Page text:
As is clear from the conversations in Q-Arts’ book, preparing for life beyond art school should not have to mean adapting oneself to reality in a way that forces a splitting between one’s professional artistic self and one’s critical and political artistic self. Ultimately as fine art educators we have an ethical responsibility both towards our students – to allow them to survive and thrive ­– and towards a culture of art which can be non-conformist, inclusive and collective. These two ethical aims are not contradictory in nature, even if they can be made to seem so by a culture organised around competition, and conformity to a certain model of success.

At a time when courses are compelled to compete with each other in order to survive, this book encourages transparency and dialogue across the sector, so we can learn from each other whist highlighting different approaches.

Dean Kenning

a-n Research Paper by Sarah Rowles

Sarah Rowles unpacks the findings of Q-Art’s new publication, ‘Professional Practice: 20 Questions – Interviews with UK undergraduate Fine Art staff exploring how students are prepared for life after art school’ in a new a-n research paper.

Reader feedback and case studies

‘Teaching has become a big part of my art-making aesthetic or maybe it’s learning.  This is why I love your publications they have a sophistication about the discipline and philosophy of teaching art with very down to earth hands on stories and approaches by real people in the field. Dianne Pappas, Art Tutor, Massachusetts

‘Had a browse through the books which arrived yesterday and can already tell you this is one of the best investments I’ve made recently!! Extremely informative, I’m very happy I came across them. Thank you very much for doing such thorough and honest research.’ Art Graduate, London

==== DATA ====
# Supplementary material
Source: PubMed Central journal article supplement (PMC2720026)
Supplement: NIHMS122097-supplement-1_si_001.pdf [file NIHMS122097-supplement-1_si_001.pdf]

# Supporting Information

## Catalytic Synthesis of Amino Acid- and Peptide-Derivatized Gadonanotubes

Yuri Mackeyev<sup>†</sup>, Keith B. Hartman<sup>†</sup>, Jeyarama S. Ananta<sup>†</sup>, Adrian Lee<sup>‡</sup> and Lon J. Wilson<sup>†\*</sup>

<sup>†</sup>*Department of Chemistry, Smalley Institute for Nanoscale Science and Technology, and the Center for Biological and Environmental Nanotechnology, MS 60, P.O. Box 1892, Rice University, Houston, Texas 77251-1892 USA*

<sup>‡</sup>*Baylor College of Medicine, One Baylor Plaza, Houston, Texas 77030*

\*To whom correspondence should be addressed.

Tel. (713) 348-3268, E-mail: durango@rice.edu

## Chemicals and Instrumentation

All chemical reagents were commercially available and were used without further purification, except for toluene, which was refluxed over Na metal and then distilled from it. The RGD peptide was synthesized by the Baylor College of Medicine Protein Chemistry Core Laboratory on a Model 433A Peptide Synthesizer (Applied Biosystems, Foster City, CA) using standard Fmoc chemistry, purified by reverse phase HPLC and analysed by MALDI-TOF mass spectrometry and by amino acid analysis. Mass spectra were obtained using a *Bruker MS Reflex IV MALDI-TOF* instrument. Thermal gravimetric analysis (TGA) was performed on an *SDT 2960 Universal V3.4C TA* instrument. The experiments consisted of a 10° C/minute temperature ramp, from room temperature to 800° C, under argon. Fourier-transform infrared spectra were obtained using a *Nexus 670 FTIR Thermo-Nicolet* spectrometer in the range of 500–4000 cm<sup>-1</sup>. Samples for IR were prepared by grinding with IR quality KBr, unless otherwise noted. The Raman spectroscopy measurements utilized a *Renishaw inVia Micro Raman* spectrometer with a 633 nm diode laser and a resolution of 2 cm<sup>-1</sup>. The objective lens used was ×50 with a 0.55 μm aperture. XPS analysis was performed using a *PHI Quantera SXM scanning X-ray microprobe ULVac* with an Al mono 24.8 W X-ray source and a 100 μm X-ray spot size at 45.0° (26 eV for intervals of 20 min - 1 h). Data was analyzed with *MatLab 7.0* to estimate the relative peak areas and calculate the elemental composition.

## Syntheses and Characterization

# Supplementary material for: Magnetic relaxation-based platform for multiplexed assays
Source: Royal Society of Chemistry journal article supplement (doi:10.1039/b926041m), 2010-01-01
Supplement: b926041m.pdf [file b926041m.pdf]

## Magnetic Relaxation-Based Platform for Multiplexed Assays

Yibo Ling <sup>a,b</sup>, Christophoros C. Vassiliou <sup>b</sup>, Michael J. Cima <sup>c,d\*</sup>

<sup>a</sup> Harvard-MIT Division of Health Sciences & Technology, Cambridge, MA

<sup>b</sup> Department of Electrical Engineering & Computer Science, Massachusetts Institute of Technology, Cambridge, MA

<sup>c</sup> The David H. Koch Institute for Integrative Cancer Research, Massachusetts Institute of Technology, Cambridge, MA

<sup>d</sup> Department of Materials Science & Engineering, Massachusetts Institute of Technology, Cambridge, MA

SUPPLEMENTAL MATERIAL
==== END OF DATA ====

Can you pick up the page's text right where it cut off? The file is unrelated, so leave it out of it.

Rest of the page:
Featuring interviews with staff from the following institutions: Arts University Bournemouth; University of Brighton; Central Saint Martins, University of the Arts London; Chelsea College of Arts, University of the Arts London; University of the Creative Arts Farnham; Edinburgh College of Art; The Falmouth School of Art, Falmouth University; The Glasgow School of Art; Goldsmiths College, University of London; Gray’s School of Art, Robert Gordon University; Isle of Man College; Kingston University; Lews Castle College, University of the Highlands and Islands; Manchester School of Art, Manchester Metropolitan University; Newcastle University; Open College of the Arts; Plymouth College of Art; University of Salford; Southampton Solent University; Swansea College of Art, University of Wales Trinity Saint David, University of the West England; The University of Wolverhampton, School of Creative Arts, Wrexham Glyndwr University.

The book has been supported by a-n, Kingston University, Swansea College of Art – University of Wales Trinity Saint David, and The Glasgow School of Art.  ISBN: 978-0-9564355-8-3  PP. 438



Buy E-Book/ PDF for individual use: £12

Buy E-Book/ PDF for use in Teaching: £24 *



Hard Copy £15 + UK P&P **
Hard Copy £15 + EU P&P **
Hard Copy £15 + Non EU P&P **

* Please purchase this higher priced version of the e-book if you are a staff member and are planning to use the e-book in teaching/ share the content with your class. As a small organisation we rely on the money made from the sales of Q-Art publications to print further books and fund our next research projects.

**E-books are emailed within 24 hours of purchase



See our 'team' section on the about page or reach us at [email protected]

Not for profit

We are an independent organisation. Any money we raise feeds back into the running of the organisation and helps us deliver on our mission


Sarah Rowles
Jo Allen
Karen Turner
Rachel Wilson
Krishen Kanadia
Jheni Arboine
Katie Tindle
Isabelle Gressel
Maggie Learmonth


Company Nr. 08587499.
Q-Art is an registered Community Interest Company.